Potential New Approach to Melanoma
San Diego, CA—Preliminary results suggest that an investigational antibody-drug conjugate called DEDN-6526A (Seattle Genetics, Genentech) has activity against melanoma, including cutaneous, mucosal, and ocular melanoma, which is considered difficult to treat. The new drug comes on the heels of trastuzumab emtansine, the first antibody-drug conjugate approved by the US Food and Drug Administration for the treatment of breast cancer. The conjugate links an antibody to a toxic chemotherapy that remains inactive until the antibody recognizes a protein on the surface of cancer cells and releases its toxic “payload” into the cancer cells.
This is one of the first clinical trials to test an antibody-drug conjugate for the treatment of melanoma, explained Jeffrey R. Infante, MD, Director, Drug Development Program, Sarah Cannon Research Institute, Nashville, TN. “We are encouraged by the initial responses. DEDN6526A is well-tolerated and, more important, benefits a substantial proportion of patients. It is particularly promising to see clinical activity in patients with mucosal, as well as ocular, melanoma, and we hope that patients who enroll in the ongoing expansion phase of the trial gain similar benefit,” Dr Infante told attendees at the 2014 American Association for Cancer Research annual meeting.
At the meeting, Dr Infante presented the results of the dose-escalation phase of the first-in-human phase 1 trial of this new therapy. The antibody recognizes the endothelin B receptor (ETBR), which Dr Infante estimates is elevated in approximately 50% of melanomas; the toxic chemotherapy is monomethyl auristatin E (MMAE). When DEDN6526A is administered to a patient, the antibody attaches to ETBR on the cancer cell surface, and MMAE is released to kill the melanoma cells. Dr Infante said that he and his coinvestigators are still working on a reliable assay to measure ETBR levels to get a more precise handle on how this drug works.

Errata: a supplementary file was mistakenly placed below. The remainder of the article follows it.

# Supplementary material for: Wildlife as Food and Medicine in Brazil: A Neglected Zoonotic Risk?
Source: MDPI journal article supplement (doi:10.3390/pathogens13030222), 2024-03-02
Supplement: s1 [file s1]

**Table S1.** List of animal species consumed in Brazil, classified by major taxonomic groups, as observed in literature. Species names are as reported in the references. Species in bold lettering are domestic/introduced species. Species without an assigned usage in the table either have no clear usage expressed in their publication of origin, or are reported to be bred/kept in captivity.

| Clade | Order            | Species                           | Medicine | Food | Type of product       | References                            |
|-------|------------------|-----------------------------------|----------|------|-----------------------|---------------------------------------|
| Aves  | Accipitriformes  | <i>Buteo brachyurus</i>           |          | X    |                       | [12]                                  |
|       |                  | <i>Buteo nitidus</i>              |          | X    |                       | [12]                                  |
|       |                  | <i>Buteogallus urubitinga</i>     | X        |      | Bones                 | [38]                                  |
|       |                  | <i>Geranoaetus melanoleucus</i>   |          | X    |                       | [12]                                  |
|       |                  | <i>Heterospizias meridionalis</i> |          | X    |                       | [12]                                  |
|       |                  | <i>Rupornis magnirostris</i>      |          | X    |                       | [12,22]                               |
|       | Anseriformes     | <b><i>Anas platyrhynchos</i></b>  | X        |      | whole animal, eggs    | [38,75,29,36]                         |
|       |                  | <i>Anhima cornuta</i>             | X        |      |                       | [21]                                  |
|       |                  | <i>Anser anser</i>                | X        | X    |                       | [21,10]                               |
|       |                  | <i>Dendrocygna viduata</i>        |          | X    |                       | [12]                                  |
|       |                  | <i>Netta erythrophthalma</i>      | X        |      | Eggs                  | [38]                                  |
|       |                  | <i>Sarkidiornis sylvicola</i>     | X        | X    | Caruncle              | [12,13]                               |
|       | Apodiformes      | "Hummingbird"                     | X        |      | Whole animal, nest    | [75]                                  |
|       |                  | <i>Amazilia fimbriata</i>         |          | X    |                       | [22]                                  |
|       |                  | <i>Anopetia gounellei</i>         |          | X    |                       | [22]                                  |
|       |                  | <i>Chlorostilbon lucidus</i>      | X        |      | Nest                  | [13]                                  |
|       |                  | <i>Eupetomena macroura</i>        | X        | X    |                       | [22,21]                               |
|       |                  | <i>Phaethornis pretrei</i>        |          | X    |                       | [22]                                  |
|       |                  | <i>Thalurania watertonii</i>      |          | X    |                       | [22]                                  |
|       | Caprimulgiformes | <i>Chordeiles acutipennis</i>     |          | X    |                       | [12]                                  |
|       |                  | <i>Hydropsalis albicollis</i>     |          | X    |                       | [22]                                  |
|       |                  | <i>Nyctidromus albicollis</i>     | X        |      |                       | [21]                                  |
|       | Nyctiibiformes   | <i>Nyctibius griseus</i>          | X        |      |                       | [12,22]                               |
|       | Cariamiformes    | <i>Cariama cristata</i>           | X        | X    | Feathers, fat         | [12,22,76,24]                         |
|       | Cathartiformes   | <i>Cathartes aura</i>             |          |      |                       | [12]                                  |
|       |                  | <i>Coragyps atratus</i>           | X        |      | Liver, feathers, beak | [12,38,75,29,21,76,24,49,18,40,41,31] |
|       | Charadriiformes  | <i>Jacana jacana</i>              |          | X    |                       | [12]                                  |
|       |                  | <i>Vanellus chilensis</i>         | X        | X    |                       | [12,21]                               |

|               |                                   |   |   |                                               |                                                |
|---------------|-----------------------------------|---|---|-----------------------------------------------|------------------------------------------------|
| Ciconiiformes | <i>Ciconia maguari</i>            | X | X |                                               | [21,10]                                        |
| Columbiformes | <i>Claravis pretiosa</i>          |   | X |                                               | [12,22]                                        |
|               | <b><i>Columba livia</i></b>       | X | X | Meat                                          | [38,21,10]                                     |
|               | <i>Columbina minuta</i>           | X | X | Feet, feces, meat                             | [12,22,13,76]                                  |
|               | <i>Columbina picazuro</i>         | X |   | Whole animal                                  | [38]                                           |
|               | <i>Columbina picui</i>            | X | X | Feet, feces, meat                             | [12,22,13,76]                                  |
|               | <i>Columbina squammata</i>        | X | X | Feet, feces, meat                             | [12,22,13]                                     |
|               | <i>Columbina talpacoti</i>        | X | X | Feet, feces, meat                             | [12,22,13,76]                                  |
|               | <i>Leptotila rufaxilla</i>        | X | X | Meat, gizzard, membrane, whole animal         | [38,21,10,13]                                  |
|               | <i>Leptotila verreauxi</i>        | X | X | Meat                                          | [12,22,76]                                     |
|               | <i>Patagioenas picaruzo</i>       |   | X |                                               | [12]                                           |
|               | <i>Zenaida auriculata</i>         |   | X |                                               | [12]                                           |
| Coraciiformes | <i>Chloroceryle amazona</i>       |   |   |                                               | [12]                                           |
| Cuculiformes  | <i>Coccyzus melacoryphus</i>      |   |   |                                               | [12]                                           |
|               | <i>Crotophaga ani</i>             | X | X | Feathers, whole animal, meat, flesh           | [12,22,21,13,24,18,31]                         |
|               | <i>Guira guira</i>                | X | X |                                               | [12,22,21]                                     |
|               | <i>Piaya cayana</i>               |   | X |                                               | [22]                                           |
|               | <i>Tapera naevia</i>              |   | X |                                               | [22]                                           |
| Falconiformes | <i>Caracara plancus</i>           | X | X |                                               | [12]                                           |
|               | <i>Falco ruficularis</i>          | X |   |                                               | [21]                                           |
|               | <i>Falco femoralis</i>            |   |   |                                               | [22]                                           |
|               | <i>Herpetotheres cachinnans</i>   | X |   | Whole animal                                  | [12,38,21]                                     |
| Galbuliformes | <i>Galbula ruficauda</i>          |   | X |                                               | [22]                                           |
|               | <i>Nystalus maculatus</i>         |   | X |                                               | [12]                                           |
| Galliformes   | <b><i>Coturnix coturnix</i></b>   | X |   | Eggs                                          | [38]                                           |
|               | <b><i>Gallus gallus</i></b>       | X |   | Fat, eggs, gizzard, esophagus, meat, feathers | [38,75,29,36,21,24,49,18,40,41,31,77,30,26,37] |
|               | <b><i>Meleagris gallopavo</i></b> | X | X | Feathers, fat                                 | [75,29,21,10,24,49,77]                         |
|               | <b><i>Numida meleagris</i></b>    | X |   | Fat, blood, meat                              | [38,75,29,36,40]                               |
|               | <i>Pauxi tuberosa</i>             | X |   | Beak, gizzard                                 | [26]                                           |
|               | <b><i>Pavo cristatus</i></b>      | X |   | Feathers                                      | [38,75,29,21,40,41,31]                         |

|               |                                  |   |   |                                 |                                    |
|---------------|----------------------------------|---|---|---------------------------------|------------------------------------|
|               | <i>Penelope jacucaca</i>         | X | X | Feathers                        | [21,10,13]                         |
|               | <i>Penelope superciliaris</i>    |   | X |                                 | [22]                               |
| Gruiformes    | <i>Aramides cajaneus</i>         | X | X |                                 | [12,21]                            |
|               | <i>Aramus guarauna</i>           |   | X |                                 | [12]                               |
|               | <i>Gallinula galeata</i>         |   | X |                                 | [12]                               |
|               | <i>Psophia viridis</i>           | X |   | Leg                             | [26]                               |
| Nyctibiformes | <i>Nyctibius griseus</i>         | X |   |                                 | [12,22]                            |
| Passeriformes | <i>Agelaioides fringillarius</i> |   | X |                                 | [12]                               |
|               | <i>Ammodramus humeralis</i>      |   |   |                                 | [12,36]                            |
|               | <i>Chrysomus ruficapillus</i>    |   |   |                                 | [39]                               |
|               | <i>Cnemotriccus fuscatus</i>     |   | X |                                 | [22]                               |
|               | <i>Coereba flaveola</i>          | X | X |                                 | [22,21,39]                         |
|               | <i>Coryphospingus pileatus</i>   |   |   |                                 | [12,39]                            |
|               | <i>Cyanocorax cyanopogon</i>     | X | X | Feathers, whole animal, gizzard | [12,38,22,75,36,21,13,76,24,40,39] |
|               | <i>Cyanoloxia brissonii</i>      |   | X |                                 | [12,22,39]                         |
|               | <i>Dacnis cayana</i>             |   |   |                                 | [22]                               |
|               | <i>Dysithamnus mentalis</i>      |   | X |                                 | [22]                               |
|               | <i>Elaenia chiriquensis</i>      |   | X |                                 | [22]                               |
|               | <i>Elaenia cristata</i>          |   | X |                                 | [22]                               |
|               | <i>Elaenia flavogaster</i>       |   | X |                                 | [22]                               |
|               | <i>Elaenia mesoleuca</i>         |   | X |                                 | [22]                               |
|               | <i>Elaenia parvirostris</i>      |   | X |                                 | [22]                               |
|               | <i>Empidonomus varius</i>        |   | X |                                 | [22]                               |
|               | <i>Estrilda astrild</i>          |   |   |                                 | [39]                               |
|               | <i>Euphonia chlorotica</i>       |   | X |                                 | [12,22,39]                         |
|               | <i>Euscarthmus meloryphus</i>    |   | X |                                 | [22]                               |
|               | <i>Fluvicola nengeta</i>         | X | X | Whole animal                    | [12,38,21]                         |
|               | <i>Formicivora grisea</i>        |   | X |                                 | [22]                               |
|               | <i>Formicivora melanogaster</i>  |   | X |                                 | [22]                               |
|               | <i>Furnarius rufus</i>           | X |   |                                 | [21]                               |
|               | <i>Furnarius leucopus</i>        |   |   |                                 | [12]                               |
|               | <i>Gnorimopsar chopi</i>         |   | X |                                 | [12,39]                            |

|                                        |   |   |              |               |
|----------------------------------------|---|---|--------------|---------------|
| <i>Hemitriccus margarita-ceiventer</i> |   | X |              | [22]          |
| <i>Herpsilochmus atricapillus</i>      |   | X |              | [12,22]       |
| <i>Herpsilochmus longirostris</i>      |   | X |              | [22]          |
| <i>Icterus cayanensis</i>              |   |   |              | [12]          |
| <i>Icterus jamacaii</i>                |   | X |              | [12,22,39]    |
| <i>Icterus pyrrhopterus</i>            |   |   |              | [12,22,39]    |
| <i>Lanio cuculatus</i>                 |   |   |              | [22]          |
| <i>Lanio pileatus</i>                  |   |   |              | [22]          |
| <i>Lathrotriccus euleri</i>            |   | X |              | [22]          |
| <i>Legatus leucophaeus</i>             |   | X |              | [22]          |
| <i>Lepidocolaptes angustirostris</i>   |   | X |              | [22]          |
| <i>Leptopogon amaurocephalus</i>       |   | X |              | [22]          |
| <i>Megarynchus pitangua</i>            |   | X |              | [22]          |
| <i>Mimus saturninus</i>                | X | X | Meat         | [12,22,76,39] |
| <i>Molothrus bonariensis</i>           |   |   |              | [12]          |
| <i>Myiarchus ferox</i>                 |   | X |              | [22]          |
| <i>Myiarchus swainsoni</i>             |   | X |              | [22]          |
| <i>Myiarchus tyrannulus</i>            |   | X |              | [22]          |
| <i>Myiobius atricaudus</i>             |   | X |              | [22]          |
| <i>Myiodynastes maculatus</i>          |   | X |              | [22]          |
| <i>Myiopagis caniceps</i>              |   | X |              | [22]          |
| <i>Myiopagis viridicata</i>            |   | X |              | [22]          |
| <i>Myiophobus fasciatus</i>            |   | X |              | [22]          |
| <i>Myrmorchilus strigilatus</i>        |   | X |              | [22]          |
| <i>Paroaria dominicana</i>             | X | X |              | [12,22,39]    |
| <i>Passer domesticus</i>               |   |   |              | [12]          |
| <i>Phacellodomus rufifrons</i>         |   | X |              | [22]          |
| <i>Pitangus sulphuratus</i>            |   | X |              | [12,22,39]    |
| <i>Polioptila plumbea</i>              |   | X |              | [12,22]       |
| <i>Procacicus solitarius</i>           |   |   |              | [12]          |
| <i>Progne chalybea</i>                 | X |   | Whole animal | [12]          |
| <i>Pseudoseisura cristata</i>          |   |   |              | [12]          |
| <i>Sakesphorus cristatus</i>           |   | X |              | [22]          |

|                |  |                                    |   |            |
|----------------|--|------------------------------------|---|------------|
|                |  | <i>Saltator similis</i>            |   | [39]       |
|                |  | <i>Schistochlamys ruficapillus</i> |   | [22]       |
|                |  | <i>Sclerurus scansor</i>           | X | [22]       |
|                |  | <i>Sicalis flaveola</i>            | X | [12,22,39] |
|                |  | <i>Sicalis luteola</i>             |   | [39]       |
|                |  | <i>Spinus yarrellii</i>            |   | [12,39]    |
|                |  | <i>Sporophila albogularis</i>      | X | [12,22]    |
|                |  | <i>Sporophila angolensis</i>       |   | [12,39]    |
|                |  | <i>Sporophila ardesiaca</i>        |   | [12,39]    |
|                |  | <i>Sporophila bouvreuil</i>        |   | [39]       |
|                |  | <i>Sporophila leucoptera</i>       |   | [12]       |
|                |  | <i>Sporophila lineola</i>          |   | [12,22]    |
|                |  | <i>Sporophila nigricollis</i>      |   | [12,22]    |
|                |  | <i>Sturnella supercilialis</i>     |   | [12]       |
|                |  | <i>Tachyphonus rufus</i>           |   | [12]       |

“We need a companion diagnostic to go along with this drug to identify patients who express ETBR. We are working on it,” Dr Infante noted.
The dose-escalation phase included 28 patients with metastatic or unresectable melanoma (17 with cutaneous melanoma, 8 with ocular melanoma, and 3 with mucosal melanoma). Patients were given DEDN6526A every 3 weeks; the maximum tolerated dose was determined as 2.4 mg/kg every 3 weeks, and this is the dose being tested in the expansion phase of the trial.
Adverse events thought to be drug-related included fatigue, chills, alopecia, sensory neuropathy, decreased appetite, headache, nausea, and vomiting. Neutropenia was the most frequent grade 3 adverse event. Infusion-related reactions were also observed, but these were reduced with steroid premedication.
Among 19 patients in the dose-escalation phase who received ?1.8 mg/kg of DEDN6526A, clinical benefit was observed in 12 patients; 2 patients with cutaneous melanoma and 2 with mucosal melanoma had confirmed partial responses. Of the remaining 8 patients, 5 with cutaneous melanoma, 2 with ocular melanoma, and 1 with mucosal melanoma had stable disease for 6 months or longer. In some cases, disease was stable for a prolonged period. Dr Infante said that 1 patient has been stable and in the study for 2 years.
Dr Infante emphasized that this was an unselected population. Responses may be even better once a companion diagnostic can identify patients with elevated expression of ETBR.
An expansion cohort of 24 additional patients with melanoma is now being studied.
Thomas J. Lynch, Jr, MD, Director, Yale Cancer Center, New Haven, CT, commented on this study. “These are exciting results because there are not that many examples of antibody-drug conjugates that work. The demonstration of clinical response is important. This was not an enriched population and we still don’t know the biomarker, but if a test is developed to identify responders, then this may turn out to be a new approach to treatment of patients with melanoma,” Dr Lynch stated.